Some albums hit you with immediate fire and fury. Some albums creep up on you with patient internalized intent. Every once in a while an album comes along that can do both. A Hero’s Death is one such album.
Moving from the external to the cerberal, Fontaines D.C. contrast the outward-facing restless fustration of Dogrel with the self-reflective catharsis of A Hero’s Death, while still maintaining a sense of vital immediacy to their music. Only now with a thematic weight the rushes through the pointed words, bone-shaking beats and growled guitars in mood-driven twists and turns.
The methodical ‘I Don’t Belong’ establishes this pent up atmosphere as Fontaines D.C. craft a bristling isolation around their music. Conveyed in stabs of statement making guitar and a drum beat that punctuates each malaise driven vocal line. Telling lyrics like, “My word is always in the ready and I’ll attribute that to you” followed by the repeated phrase “I don’t belong to anyone” translate the feeling of disconnection and a need to express that divide not just personally but creativitly. Quickly followed by the unrelenting rumble of ‘Love Is The Main Thing’, the band’s ability to contort the texture and mood of their music around this meaning keeps A Hero’s Death moving sonically.
This means that the ragged glory that’s made Fontaines D.C. sound so captivating to so many is never fully engulf by the deeper tones of A Hero’s Death. But instead is made an intgeral part of the record’s dynamic undercurrent. Through the fuzzing pulse of ‘Televised Mind’, the rattle and hum of the title-track and the propellant grit of ‘I Was Not Born’, the band take the lines like the repeated mantra of “Life ain’t always empty” (‘A Hero’s Death’) or the snarled “I was not born into this world to do another man’s bidding” and twist impactful punctaution around each word.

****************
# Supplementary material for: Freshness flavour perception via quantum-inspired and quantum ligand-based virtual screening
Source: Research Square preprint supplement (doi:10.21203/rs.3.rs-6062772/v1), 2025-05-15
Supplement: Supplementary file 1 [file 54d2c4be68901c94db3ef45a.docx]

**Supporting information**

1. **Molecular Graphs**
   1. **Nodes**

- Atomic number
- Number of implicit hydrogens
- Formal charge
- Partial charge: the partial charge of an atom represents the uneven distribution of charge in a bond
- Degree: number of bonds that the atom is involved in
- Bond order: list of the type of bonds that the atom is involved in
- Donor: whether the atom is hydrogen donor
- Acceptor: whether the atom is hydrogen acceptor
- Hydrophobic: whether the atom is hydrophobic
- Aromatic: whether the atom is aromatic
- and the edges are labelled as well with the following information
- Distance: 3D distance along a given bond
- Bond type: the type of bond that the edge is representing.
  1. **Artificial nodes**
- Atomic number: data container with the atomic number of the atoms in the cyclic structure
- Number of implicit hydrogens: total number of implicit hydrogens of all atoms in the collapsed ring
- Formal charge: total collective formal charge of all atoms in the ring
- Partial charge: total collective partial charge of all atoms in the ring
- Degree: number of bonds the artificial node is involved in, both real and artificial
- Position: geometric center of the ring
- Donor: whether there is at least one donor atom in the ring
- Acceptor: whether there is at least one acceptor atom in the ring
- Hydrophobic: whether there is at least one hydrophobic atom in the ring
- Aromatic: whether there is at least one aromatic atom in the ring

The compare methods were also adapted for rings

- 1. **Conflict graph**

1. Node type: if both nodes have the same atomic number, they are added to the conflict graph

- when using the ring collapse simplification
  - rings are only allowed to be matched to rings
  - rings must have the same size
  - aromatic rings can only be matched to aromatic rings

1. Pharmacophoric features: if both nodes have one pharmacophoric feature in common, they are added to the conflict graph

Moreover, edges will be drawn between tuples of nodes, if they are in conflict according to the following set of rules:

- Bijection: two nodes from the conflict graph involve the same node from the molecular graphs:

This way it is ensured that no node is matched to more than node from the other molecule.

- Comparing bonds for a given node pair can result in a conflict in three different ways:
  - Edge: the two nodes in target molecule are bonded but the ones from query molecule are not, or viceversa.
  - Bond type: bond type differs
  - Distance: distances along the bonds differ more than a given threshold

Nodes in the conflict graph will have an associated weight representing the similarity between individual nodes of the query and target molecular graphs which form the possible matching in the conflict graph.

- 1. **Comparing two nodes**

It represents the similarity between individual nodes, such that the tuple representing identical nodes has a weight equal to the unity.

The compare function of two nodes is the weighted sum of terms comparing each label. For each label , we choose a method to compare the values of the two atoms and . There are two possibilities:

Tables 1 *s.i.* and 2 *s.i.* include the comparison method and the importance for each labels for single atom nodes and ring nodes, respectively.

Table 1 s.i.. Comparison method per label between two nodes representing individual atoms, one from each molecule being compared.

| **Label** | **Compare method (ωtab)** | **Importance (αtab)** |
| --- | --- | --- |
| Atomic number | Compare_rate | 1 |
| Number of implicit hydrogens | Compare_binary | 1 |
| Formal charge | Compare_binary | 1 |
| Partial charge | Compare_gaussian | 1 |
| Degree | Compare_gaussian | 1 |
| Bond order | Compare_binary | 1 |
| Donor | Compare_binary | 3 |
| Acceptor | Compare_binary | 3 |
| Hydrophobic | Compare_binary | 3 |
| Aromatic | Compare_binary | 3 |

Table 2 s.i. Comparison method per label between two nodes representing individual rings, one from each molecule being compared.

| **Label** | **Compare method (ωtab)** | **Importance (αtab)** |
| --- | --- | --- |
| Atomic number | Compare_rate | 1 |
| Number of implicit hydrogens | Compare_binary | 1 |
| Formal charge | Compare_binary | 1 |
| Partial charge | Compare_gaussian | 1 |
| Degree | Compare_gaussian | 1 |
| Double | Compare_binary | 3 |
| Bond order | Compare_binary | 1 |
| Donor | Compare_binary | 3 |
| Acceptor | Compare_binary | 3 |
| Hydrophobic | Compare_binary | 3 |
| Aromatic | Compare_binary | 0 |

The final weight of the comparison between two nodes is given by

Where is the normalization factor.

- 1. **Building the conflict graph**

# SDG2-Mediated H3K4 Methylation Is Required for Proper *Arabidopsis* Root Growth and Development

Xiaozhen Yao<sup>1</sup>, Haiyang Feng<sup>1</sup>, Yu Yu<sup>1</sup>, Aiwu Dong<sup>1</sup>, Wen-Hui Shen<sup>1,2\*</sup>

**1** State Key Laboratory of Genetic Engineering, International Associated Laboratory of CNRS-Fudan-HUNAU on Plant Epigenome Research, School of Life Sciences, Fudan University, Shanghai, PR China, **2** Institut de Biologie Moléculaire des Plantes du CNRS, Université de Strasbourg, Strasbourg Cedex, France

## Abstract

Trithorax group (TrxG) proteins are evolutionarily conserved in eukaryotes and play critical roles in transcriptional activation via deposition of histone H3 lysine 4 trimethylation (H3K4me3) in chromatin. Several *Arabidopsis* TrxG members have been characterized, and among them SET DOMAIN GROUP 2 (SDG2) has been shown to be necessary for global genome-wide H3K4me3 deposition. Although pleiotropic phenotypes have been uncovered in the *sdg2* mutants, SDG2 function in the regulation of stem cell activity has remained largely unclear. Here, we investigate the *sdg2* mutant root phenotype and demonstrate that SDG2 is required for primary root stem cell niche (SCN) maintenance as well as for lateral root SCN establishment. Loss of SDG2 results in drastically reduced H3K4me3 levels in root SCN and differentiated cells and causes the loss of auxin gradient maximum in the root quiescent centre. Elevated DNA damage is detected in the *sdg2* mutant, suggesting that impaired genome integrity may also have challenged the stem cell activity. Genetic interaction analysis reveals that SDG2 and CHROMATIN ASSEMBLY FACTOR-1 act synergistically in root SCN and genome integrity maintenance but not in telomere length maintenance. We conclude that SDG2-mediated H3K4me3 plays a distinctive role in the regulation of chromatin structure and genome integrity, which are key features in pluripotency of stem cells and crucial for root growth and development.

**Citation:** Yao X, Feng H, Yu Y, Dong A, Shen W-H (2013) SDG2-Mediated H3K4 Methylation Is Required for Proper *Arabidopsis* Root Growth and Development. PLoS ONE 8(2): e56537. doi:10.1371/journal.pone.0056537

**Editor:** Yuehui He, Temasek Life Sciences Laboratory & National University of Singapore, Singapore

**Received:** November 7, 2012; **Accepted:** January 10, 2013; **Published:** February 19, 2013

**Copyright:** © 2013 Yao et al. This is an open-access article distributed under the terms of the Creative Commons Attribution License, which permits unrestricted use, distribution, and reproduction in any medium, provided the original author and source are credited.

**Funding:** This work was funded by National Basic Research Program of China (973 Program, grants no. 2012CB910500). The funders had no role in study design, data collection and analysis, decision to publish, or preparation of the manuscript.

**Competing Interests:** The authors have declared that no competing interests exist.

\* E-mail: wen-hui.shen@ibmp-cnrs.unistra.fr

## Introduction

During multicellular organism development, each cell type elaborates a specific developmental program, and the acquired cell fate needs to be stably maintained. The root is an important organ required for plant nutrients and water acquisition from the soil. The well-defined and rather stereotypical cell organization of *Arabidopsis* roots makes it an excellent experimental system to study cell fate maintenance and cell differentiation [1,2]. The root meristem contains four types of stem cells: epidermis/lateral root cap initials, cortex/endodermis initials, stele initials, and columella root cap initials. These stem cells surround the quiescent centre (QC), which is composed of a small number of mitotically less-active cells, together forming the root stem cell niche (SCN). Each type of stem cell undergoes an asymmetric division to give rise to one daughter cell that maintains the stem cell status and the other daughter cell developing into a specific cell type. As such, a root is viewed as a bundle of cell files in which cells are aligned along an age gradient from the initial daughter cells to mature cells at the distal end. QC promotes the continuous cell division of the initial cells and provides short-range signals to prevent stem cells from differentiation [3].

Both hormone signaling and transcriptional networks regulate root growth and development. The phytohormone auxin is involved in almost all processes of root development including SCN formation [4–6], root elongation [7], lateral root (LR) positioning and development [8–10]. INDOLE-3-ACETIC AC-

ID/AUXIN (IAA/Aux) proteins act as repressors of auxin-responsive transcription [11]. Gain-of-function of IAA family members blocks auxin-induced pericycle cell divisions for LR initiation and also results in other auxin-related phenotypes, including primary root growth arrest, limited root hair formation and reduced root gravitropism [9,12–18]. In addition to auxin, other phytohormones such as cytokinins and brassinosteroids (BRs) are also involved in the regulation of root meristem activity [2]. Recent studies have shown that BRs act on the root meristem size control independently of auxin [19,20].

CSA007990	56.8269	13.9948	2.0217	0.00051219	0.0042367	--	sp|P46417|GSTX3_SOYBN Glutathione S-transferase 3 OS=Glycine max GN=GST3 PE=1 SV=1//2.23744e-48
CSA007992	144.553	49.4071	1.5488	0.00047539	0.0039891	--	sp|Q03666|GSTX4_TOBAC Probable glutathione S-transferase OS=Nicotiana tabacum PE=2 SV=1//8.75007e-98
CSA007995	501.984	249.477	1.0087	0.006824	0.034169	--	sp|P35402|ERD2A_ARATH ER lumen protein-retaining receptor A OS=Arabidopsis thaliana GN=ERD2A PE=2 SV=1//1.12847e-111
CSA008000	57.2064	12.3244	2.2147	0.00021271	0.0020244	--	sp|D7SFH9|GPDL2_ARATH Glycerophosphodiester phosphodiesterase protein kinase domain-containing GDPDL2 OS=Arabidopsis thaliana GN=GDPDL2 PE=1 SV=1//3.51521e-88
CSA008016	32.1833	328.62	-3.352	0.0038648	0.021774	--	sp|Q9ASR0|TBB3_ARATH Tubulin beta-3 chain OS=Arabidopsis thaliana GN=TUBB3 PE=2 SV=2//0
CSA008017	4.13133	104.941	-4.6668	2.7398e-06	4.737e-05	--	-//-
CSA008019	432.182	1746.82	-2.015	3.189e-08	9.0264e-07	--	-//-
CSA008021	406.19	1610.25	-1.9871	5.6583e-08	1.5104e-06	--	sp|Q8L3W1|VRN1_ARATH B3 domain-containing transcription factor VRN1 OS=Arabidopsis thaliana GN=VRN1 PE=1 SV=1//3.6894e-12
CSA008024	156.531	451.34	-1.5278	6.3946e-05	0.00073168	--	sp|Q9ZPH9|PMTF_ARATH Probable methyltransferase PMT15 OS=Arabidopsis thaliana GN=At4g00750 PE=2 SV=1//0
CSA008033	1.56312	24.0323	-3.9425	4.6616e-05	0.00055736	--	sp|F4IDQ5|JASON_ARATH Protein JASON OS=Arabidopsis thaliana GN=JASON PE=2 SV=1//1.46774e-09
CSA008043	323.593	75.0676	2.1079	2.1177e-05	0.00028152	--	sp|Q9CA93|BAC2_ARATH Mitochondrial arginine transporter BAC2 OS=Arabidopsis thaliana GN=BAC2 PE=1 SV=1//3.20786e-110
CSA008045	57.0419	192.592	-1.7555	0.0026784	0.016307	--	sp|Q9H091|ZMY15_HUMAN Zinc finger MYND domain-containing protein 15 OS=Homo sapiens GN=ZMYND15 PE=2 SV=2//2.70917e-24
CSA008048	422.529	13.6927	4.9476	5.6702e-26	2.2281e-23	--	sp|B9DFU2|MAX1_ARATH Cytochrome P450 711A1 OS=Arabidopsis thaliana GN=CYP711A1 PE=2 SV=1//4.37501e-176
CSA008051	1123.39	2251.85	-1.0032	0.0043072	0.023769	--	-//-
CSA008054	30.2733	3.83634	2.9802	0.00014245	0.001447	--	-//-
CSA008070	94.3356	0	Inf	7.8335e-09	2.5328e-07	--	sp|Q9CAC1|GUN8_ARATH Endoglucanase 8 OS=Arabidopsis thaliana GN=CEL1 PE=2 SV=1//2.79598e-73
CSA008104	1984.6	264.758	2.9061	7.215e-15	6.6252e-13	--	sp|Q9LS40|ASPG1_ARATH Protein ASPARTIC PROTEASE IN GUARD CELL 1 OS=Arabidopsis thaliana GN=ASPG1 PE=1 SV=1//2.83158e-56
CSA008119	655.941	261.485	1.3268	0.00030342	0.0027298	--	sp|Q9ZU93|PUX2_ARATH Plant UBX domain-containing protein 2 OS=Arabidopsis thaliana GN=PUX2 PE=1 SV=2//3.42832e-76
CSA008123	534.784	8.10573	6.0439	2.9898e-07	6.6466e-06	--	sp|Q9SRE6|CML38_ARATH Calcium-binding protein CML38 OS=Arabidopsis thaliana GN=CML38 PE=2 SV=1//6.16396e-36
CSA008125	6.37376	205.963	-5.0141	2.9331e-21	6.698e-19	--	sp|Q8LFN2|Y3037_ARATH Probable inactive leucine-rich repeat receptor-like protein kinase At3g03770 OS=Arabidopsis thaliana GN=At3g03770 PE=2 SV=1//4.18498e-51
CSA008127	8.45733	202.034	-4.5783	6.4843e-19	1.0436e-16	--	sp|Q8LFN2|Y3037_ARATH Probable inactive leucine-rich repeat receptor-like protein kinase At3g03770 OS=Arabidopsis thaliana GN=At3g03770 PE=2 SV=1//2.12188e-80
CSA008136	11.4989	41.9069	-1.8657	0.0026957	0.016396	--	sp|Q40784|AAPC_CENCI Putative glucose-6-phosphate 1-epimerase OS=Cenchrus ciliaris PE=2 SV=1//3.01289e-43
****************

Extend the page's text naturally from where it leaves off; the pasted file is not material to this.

This internal dynamic contortion can be found during the record’s more restrained moments too. Such as the lush harmonies of ‘Sunny’ (a stylistic twist found towards the end) or the rough beauty of ‘Oh Such A Spring’. During these instances of relative repose, the same energy can be found but put through a different prism. Allowing lines like “I watched all the folks go to work just to die, and I wished I could go back to Spring again” the space to land and be heard.
However, its the sprawling noise of ‘Living In America’ where A Hero’s Death stands at its tallest. From the layered production of brooding low-end background and scrathcing textures to the echoed vocal that dominates the foreground, the song is Fontaines D.C. at their very best and within the context of the album itself. It is the moment where all the sonic and thematic elements converge in a unsettling cacaphony of ferocious catharsis. Providing a vital release of tension that has been growing in the build up to this point.
And so it goes, for many Fontaines had an almost impossible task in following their generation defining debut Dogrel. Indeed, that weight of expectation would have crushed a band of lesser resolve. With A Hero’s Death the Dublin five-piece walked the tight-rope high-up for all to see and pull off a sophomore album that builds on the first and in many ways improves on it. A Hero’s Death is the aftermath, a study of the self, for both the band personally and their music. Indeed, in many ways it feels like the group’s momentum is just starting. Adding new colors and moods to Fontaines D.C. sound, their second offering makes them as essential as ever.